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Sunday, Jun 23 2013 11:03 PM

DONNY WILLIAMS: AB 880 forces corporate giants to pay fair share for health care

A shocking number of people in California who work for giant corporations don't receive a dime of health coverage from their employers. Thankfully, new provisions of the Affordable Care Act, which take effect in January 2014, are designed to help them and the leagues of uninsured in California and across the country. But on the eve of this historic reform, some of our country's biggest corporations are working furiously to avoid providing health coverage the new law requires.

Corporate giants including Walmart and Darden Restaurants, owner of popular chains including the Olive Garden and Red Lobster, quietly are remapping their hiring strategies, cutting employees' hours and slashing wages to avoid their obligations and boost their bottom lines.

The ACA, or Obamacare, requires large employers to offer health insurance to part-time employees working 30 hours a week or more. But many large employers are cutting back employee hours and wages instead of paying their fair share for health care.

It is shameful that companies that enjoy staggering profits will go to such lengths. Rather than offer health insurance to hundreds of thousands of workers, and to avoid paying steep penalties under the new law, these mega-companies are choosing to dump already-underpaid workers onto Medicaid and unload the costs straight onto taxpayers. Perhaps the worst offender is Walmart, whose business model already relies on taxpayers to shoulder the burden of its bottom-of-the-barrel wages. The company pays its employees so little, many qualify for public assistance. Now, to circumvent the new health insurance requirements, Walmart and other low-wage corporate giants are cutting already-paltry hours and pay even lower.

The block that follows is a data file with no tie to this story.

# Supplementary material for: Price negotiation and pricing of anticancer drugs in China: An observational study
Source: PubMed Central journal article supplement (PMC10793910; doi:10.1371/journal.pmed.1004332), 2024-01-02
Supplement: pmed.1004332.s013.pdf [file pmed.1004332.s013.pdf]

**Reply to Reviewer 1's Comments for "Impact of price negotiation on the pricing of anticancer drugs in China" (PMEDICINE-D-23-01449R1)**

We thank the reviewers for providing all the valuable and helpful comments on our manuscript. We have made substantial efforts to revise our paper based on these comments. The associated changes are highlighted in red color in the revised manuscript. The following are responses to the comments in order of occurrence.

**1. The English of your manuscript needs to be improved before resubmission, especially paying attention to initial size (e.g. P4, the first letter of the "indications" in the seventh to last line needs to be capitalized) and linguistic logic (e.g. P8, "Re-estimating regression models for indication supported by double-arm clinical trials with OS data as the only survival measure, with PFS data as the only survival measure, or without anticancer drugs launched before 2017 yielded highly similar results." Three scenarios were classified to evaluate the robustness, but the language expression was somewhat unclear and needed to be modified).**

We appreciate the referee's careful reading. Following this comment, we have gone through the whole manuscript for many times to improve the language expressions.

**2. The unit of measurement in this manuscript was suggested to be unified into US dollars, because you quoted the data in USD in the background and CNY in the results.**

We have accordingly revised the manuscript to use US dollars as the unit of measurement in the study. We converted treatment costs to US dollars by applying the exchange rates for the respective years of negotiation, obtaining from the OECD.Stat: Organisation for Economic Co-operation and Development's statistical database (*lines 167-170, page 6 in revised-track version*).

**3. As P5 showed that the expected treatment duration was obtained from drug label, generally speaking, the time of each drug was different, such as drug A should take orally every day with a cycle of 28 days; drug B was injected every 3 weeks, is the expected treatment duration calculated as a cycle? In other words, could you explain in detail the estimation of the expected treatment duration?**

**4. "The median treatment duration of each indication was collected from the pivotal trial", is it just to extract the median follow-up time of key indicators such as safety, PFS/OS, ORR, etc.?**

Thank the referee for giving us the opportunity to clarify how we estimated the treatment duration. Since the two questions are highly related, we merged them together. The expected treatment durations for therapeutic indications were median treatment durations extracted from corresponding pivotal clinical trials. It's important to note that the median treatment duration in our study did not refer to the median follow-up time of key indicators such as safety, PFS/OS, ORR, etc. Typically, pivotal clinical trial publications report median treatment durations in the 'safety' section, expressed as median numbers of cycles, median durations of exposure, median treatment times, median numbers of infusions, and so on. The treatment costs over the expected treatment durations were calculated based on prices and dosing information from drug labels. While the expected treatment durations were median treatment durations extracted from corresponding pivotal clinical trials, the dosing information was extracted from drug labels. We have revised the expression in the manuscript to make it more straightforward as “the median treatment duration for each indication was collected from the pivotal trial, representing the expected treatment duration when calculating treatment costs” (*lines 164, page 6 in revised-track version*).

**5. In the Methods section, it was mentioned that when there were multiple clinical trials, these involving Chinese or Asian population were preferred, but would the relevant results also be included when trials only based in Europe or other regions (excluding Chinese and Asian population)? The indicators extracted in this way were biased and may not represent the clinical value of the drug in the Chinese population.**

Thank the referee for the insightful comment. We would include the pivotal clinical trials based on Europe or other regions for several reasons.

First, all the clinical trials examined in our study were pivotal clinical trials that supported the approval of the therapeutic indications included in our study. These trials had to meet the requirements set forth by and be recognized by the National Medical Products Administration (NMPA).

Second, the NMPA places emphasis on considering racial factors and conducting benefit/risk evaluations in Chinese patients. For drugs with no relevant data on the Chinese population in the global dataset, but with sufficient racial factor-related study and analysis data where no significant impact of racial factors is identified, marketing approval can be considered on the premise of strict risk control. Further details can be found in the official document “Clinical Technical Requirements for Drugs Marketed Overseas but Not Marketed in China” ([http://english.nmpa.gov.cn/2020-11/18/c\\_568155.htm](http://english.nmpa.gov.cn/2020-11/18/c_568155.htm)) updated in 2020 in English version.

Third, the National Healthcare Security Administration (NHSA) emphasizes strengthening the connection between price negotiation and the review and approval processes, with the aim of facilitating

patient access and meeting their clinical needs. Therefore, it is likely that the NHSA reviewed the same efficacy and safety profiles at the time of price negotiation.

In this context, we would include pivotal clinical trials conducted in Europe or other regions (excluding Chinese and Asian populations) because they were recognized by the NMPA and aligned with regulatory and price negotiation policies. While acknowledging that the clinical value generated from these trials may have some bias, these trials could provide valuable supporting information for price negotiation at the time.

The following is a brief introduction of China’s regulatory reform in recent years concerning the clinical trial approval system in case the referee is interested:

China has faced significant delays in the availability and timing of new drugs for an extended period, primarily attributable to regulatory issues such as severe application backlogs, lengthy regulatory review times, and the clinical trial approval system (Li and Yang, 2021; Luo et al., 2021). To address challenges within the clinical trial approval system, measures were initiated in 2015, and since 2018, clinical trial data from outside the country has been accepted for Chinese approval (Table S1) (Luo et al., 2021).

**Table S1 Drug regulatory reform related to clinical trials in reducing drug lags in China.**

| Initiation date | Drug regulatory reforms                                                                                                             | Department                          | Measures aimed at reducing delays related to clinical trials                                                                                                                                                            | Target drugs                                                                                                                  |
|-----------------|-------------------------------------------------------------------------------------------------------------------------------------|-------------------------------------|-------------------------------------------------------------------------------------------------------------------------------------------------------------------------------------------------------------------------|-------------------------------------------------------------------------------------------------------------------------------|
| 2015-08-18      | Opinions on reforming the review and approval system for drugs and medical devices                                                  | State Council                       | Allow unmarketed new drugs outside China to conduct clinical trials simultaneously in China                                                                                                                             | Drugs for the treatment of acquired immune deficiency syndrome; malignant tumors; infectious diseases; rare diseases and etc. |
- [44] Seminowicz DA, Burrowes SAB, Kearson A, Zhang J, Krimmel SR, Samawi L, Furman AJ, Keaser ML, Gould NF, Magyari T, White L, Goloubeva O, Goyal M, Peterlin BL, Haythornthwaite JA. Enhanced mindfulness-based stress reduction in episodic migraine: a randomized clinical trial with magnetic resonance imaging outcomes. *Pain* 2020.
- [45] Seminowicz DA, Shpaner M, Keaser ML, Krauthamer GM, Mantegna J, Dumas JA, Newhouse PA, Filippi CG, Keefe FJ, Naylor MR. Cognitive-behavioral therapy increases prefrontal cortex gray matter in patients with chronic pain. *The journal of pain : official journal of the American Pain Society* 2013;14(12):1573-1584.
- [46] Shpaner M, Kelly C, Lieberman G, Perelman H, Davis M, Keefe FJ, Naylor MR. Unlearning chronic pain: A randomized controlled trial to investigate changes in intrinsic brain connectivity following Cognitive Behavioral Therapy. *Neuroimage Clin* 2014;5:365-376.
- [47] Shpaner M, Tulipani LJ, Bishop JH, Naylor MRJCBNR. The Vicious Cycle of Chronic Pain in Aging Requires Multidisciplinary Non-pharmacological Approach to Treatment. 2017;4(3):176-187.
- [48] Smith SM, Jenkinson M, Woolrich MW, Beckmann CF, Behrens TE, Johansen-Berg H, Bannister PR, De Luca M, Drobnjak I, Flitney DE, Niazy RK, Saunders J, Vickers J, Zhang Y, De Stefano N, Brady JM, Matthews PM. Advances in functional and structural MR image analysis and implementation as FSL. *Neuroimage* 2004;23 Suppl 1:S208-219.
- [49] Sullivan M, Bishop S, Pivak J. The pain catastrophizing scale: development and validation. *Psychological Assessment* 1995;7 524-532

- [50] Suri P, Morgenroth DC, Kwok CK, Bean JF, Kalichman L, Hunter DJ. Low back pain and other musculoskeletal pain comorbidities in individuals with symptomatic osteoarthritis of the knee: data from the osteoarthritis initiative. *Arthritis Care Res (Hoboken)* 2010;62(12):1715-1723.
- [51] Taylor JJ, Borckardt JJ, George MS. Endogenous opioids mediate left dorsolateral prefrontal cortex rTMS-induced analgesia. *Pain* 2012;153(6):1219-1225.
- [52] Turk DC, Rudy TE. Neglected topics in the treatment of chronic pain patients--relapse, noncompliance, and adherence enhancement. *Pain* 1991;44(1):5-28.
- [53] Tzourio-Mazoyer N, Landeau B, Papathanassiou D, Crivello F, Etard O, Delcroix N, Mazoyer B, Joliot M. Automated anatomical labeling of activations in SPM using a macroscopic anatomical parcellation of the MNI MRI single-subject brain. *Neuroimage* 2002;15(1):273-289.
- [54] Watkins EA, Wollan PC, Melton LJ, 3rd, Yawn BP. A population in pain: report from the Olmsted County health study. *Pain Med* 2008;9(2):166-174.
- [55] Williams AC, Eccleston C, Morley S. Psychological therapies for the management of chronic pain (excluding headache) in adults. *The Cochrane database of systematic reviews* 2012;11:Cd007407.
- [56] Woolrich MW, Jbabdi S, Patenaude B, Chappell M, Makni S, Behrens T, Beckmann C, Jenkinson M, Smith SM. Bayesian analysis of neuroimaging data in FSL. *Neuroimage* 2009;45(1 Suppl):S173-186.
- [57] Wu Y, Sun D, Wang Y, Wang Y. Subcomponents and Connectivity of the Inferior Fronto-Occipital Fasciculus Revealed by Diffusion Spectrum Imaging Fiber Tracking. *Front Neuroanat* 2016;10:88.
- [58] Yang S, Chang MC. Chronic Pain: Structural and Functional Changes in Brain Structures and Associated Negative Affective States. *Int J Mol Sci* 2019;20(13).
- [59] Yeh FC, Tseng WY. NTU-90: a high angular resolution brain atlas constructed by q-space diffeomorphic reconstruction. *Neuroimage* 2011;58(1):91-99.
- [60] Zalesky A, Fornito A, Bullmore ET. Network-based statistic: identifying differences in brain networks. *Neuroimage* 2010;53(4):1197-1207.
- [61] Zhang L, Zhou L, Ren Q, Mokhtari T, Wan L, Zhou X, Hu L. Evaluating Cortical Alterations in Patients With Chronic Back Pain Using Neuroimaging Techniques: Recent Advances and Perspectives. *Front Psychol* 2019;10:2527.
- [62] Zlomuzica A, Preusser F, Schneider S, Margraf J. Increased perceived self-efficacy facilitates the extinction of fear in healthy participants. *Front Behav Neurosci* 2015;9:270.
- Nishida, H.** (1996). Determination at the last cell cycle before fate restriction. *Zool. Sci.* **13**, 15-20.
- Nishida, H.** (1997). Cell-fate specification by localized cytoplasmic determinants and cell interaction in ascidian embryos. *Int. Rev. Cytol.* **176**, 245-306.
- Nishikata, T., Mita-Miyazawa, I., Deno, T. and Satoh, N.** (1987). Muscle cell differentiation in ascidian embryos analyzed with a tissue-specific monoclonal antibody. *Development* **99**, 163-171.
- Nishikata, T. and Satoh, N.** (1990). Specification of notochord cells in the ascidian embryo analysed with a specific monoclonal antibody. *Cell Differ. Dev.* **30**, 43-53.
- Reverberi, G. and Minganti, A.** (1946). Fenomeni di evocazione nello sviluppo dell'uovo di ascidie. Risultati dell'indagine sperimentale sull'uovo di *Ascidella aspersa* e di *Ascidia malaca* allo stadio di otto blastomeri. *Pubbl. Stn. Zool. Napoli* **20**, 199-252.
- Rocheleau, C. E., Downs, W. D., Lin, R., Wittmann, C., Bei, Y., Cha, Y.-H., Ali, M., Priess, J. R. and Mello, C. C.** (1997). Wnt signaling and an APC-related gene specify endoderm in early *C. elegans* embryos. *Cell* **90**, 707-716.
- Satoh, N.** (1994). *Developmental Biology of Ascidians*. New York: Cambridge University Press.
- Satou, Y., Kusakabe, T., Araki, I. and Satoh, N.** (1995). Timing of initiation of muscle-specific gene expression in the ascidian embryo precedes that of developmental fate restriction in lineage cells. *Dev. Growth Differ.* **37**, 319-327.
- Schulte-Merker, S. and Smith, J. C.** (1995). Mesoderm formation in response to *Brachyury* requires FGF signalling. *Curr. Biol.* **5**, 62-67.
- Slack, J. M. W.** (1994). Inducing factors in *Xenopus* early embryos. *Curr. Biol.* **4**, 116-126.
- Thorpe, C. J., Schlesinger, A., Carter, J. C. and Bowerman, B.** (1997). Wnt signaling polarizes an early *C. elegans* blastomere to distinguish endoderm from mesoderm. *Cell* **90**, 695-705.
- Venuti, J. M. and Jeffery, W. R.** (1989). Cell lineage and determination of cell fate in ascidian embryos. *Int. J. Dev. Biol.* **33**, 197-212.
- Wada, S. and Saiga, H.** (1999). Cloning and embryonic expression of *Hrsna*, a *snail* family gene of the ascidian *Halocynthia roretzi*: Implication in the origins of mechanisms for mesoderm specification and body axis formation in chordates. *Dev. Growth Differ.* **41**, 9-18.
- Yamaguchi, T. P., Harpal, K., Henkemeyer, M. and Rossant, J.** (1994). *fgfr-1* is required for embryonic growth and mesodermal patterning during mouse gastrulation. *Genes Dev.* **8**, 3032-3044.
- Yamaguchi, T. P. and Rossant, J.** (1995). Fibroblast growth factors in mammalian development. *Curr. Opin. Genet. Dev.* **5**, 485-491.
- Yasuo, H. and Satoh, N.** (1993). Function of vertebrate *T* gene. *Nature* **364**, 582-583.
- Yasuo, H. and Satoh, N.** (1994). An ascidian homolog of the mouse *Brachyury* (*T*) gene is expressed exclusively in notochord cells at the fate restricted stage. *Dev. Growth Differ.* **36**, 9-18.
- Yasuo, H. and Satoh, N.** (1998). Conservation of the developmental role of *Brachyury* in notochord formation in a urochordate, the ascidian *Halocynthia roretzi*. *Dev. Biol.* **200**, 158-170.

California lawmakers will vote any day on legislation that would protect workers, taxpayers and small businesses and dissuade these huge corporations from skirting the rules. AB 880, by Assemblyman Jimmy Gomez, D-Los Angeles, would make California the first state in the nation to eliminate the "Walmart loophole," requiring large employers who force workers onto taxpayer-backed Medi-Cal, California's version of Medicaid, to pay the costs of that care. The penalties would apply to companies that employ 500 or more workers. Small and mid-sized businesses would be exempt.

Proceeds from the penalty will go into a special fund that can only be used for Medi-Cal, easing burden on taxpayers and increasing access to quality health care for millions of low-income Californians. New research from the University of California, Berkeley, finds that hundreds of thousands of employees from large companies are expected to join the Medi-Cal ranks in the next five years because of the ACA's "Walmart loophole."

By 2019, nearly 400,000 employees of large companies will qualify for the state's taxpayer-funded health program, according to UC Berkeley labor expert Ken Jacobs. Nationwide, some 2.3 million workers are at risk of losing hours under the new healthcare benefit requirements, according to Jacobs.

Walmart made $447 billion in revenue in 2011, even as the Great Recession still was wreaking havoc on the economy. The company's CEO made nearly $21 million last year, almost laughable compared to the $8-an-hour wages paid to his employees.

It's unfair to taxpayers and small businesses that some of the largest, most profitable companies in the world are shifting their costs onto us, while paying executives millions each year.

These corporate profiteers always cry over-regulation and claim that they support Obamacare, but they go to great lengths to avoid paying their fair share. By enacting AB 880, California will lead nation in making sure they can't pass off more costs to taxpayers than they already do. This legislation would protect workers, taxpayers and small businesses by ensuring big companies pay their fair share for health care.

Donny Williams is president of the Kern, Inyo and Mono Central Labor Council. Community Voices is an expanded commentary of 650 to 700 words. The Californian reserves the right to edit all submissions for length and clarity.

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